Flamin’ legend
Kev Carmody at the Magic Mirrors Spiegeltent, Sydney Festival, 17 January 2016

Kev Carmody can do a lot with an acoustic guitar, and, it transpires, just as much without one. Before he appears in person on this warm Sydney afternoon, his audience gets a preview screening of Songman, directed by Brendan Fletcher, which will screen on the ABC later this year. The short film documents the making of Carmody’s most recent album, Recollections … Reflections … (A Journey). The album, released in October last year and recorded at Carmody’s property in south-east Queensland, is a four-disc collection of songs that Carmody has written over decades but never previously recorded. Aside from Carmody’s guitar and voice, the arrangements are non-traditional: gas bottles, butter knives and blocks of wood are equally his instruments.

Carmody performs a few of these new-old songs today, alone on stage with only his guitar, which he plays tunefully and sometimes percussively, making it rattle like a passing train. He begins though with one of his best-known tracks, ‘Thou Shalt Not Steal’, from his 1988 debut Pillars of Society. The song is a stark indictment of colonial hypocrisy: “We gonna steal your land / And if you break our new British laws / For sure you’re gonna hang”. Carmody’s strong and rugged singing voice carries through the venue, but as he ends the song an expression of doubt – or maybe it’s nervousness – briefly crosses his face, as if he’s not certain of what he has to offer us.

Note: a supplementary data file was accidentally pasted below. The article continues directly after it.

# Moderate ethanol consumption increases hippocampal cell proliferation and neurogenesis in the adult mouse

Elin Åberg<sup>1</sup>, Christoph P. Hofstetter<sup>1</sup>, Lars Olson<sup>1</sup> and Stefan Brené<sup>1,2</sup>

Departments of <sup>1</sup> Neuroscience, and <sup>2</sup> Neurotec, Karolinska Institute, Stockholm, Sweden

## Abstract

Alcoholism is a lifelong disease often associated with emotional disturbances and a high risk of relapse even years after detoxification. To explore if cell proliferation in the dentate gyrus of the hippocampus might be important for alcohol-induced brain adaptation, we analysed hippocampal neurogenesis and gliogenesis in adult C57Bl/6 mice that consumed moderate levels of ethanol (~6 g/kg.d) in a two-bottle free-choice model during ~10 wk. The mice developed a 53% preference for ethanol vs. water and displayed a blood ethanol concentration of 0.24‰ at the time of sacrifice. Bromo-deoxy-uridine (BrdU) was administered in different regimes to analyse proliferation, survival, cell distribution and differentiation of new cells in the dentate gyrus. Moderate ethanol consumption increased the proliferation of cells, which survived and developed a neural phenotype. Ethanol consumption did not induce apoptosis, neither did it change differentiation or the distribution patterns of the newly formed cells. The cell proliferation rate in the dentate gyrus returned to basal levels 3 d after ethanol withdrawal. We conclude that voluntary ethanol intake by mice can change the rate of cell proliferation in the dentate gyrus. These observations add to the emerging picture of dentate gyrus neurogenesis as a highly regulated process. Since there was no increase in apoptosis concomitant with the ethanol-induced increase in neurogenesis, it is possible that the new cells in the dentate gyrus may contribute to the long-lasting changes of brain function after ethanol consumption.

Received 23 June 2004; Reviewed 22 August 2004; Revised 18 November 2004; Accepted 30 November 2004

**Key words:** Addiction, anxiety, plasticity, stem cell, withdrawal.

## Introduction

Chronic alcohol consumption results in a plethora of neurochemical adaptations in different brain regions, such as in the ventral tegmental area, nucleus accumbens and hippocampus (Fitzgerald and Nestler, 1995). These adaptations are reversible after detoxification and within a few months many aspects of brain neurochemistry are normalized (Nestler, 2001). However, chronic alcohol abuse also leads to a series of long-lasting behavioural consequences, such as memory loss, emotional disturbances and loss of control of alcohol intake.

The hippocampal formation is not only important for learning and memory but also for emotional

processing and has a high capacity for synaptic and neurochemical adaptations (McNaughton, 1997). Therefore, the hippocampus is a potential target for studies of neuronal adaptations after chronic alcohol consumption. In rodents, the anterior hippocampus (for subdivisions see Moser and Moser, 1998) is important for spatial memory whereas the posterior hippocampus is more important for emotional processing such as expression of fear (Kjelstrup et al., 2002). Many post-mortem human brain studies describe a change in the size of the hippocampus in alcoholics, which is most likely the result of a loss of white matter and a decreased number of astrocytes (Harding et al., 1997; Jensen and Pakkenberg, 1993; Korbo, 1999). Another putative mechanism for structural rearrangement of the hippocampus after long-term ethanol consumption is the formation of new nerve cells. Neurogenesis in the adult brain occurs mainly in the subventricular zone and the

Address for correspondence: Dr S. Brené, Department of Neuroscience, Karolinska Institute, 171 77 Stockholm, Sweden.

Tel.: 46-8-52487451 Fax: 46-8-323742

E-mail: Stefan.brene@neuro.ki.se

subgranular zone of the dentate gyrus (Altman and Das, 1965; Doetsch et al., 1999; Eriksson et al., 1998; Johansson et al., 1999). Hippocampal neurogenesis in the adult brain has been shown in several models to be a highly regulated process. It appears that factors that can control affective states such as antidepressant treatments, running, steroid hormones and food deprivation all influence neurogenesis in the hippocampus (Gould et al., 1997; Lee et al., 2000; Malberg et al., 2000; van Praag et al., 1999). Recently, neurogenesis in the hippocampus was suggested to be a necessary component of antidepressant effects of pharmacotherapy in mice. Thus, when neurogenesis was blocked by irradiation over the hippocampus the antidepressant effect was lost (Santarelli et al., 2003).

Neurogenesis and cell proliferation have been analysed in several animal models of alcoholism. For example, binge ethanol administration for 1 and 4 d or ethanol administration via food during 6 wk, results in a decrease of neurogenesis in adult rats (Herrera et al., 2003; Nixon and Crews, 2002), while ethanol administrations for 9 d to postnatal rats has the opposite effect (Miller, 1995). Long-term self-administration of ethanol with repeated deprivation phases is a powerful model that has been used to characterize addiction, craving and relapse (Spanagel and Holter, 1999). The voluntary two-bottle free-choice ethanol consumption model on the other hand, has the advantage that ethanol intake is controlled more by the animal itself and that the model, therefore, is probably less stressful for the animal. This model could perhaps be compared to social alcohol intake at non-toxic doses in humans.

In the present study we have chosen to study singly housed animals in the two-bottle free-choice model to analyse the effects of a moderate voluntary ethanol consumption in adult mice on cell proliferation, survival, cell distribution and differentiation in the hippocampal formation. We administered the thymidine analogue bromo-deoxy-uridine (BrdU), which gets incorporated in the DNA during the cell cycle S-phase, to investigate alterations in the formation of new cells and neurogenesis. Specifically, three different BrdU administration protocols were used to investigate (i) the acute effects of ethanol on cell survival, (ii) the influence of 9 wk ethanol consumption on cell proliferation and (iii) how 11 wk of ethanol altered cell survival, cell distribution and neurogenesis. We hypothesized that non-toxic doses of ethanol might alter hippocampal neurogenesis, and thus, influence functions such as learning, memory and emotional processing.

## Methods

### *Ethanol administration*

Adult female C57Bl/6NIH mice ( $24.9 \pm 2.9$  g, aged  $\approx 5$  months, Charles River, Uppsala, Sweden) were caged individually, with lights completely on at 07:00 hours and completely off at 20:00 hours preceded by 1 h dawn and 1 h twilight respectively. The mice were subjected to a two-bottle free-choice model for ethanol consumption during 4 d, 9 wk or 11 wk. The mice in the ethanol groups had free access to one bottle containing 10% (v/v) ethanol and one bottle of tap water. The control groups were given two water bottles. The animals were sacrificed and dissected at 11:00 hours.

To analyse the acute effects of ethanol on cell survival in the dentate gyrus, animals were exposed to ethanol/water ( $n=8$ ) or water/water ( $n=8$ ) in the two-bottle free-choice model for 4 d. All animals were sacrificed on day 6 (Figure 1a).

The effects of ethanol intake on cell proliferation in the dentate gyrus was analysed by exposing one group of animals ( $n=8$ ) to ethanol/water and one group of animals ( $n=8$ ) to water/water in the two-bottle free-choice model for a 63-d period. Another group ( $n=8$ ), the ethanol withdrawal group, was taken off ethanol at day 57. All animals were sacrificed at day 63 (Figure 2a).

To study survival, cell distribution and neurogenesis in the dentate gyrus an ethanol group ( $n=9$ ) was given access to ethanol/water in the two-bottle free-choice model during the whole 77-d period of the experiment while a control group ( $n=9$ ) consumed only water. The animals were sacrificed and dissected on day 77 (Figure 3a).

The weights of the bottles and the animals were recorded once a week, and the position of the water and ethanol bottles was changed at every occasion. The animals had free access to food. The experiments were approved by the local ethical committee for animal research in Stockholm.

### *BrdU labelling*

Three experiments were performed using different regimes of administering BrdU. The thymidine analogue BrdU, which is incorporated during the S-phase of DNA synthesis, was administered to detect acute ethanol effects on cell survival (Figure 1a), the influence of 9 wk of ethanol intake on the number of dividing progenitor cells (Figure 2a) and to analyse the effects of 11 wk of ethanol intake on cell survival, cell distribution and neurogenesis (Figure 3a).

Certainly he is self-deprecating to a fault, and also a warm, witty storyteller with an anecdote to introduce every song. He has the vernacular of a country man: “flamin’”, “bloody”, “crikey”. From Recollections … he plays ‘The Haunted Man’, drawn from a childhood recollection of a blind busker, and an instrumental, ‘Sliding Into Chaos’, with needling notes played near the bridge of his guitar – an alternative title was ‘Root Canal Therapy’. At one point he switches to the didgeridoo, and draws from it an extraordinarily resonant sound, a drone inflected by barking, almost laughing noises.

He’s told us at the start that there’ll be no politics today, but I don’t think anyone believes him, given that Carmody is one of the best protest singers – perhaps the best – that this country has ever produced. This is a man whose own tribute concert – also at the Sydney Festival, in 2008 – was called Cannot Buy My Soul. From his 1995 album Images & Illusions he plays ‘Needles In The Nursery’, which slams “banal bands” who play “hip shit for the parasites of power”, and the wonderful ‘Images of London’, inspired by a trip to that city. Homeless people he spoke to on the street were being charged 50p by department stores for the cardboard boxes they slept in. “Capitalism at its finest,” he laughs, darkly.

It’s a short set, and I would have gladly exchanged the film preview for another half-hour’s worth of songs from Carmody himself. He ends, inevitably, with ‘From Little Things Big Things Grow’, a true folk anthem. “Been playin’ it for flamin’ 125 years,” he tells us. But this song never wears out, and the whole audience sing the chorus alongside Carmody. When it’s done he exits, rightly, to a standing ovation. Kev Carmody. Flamin’ legend.

Anwen Crawford

Anwen Crawford is The Monthly’s music critic.

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